Furthermore, since we teach with implicit instruction (acquisition), the output is dominated by reliance on the implicit knowledge (what has been acquired, not learned). That output reflects a greater proportion of acquired competence (ability based on implicit knowledge) than learned competence. What that means is that our students’ output is based on 4 criteria (Ellis et al, 2009):
    1. rely on feel (not rule)
    2. under pressure to perform in real time (what is called “online”)
    3. focus on meaning – fluency (not focus on form – accuracy)
    4. does not encourage use of metalinguistic knowledge, i.e. explicit rules and linguistic terminology
    So we can say that output = access and production based on an internalized linguistic system. Output does NOT directly cause acquisition to happen. VP suggests output may help us improve the fluency and accuracy of drawing on our internal grammar.
    VP said this: “Acquisition of a linguistic system is input-dependent, meaning that learners must be engaged in comprehension in order to construct that system . . . Production is not comprehension and thus produced language is not input for the learner. That input must come from others.”
    VP also wrote: “Output is viewed as something that can influence how learners perceive language and thus interact with input data. Learners become better processors of input because they have to create meaning as part of having to express themselves. They can become aware of deficiencies in their linguistic systems and expressive abilities that push them to acquire more language.” In other words, output can make us aware of our gaps and get us to pay more attention to input in order to fill those gaps.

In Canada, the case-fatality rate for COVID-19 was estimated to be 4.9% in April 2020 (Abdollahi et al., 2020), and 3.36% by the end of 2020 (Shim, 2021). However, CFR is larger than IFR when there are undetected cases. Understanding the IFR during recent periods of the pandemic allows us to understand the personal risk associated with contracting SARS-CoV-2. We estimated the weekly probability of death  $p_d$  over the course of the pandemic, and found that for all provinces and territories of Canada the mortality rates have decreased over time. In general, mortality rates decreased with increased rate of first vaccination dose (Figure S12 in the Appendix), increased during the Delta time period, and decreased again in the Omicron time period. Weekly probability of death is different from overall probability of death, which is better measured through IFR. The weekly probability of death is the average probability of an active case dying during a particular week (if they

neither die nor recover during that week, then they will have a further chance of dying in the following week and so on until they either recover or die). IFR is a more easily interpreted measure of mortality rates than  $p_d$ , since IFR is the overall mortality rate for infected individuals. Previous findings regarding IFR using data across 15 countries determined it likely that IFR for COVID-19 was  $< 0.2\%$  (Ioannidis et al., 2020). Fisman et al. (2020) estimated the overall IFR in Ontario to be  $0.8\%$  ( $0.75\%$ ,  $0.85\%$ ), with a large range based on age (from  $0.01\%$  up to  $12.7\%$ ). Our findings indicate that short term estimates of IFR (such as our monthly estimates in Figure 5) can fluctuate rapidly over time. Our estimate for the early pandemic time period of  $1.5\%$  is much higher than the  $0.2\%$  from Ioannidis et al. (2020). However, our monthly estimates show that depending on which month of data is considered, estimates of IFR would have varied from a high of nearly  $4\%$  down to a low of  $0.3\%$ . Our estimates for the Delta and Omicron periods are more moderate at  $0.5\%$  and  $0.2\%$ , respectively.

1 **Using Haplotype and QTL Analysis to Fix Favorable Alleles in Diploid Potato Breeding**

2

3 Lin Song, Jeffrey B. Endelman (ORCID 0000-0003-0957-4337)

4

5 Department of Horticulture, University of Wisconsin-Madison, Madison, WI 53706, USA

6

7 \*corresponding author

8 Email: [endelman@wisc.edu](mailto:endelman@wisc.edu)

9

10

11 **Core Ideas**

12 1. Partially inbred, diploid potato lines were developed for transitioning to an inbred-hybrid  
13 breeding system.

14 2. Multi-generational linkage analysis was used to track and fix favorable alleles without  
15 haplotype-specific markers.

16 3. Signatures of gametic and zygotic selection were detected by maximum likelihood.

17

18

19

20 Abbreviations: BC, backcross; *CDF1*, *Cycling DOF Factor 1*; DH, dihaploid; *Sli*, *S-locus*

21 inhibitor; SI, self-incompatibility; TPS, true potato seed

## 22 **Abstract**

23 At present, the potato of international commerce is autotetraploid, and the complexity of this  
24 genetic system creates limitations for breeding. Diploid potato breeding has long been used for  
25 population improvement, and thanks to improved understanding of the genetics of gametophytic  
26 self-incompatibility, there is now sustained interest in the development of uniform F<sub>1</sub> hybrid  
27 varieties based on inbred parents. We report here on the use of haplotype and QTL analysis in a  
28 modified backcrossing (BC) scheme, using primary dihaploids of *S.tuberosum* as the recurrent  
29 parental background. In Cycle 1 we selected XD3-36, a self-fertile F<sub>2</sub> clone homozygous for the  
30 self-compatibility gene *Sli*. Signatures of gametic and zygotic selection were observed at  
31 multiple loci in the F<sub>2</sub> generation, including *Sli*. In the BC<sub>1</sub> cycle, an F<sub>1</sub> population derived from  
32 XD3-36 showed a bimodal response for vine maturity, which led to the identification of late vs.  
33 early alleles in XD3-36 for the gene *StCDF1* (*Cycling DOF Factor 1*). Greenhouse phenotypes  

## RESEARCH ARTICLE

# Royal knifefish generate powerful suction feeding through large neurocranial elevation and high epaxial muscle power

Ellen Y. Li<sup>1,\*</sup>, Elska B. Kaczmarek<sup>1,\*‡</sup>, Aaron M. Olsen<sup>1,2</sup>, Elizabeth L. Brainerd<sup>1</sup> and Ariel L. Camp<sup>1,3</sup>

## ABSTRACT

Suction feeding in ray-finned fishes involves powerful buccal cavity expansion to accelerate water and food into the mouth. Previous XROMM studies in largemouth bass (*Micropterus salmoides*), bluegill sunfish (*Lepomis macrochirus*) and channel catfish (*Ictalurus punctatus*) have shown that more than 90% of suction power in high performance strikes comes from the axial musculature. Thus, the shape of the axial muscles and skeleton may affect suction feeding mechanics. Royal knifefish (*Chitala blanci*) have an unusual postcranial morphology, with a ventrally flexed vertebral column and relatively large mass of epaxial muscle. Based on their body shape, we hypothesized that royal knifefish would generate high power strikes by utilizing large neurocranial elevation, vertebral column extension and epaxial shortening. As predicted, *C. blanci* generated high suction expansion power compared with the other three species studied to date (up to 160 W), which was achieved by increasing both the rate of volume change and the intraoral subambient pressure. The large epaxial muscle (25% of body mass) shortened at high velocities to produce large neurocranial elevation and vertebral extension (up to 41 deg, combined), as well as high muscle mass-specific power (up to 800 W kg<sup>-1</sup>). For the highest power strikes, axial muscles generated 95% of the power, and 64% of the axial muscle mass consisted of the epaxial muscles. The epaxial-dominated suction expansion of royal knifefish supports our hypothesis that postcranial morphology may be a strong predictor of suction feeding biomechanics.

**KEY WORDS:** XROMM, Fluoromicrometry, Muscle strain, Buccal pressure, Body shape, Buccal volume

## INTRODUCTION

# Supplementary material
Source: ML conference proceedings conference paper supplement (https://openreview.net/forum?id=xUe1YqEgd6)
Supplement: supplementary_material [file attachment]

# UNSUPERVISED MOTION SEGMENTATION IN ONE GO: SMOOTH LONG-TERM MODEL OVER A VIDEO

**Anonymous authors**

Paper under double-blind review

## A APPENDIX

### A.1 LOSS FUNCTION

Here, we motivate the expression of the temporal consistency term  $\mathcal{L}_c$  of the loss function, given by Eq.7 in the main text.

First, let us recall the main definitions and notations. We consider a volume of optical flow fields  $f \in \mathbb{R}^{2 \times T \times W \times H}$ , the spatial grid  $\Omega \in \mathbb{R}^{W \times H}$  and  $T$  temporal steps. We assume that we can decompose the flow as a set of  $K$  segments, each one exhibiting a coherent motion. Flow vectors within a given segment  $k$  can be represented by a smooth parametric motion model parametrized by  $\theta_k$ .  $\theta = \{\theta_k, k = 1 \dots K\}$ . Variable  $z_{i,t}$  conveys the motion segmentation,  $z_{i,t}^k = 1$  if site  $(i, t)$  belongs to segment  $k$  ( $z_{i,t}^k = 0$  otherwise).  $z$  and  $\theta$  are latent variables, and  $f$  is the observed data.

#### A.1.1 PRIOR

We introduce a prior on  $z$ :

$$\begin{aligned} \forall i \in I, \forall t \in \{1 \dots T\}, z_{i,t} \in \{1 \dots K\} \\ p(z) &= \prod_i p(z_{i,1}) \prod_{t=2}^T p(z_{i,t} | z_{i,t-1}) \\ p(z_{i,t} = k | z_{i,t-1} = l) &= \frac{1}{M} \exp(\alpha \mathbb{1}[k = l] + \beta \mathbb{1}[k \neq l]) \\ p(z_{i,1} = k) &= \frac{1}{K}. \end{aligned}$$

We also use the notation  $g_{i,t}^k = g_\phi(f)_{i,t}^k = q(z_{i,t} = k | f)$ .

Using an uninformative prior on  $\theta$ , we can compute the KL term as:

Wong & VP’s paper has so much gold in it that you can reread it over and over again and find something new: drive.google.com/file/d/0B6n9VA2R4h9IQjZtb1RiRDVETTQ/view?usp=sharing

    1. Thanks for the link. It contains a nice summary of Swain’s hypothesis. VP’s point is that “What is clear from Swain’s discussion is that nowhere is input discarded as a fundamental or critical construct in acquisition.”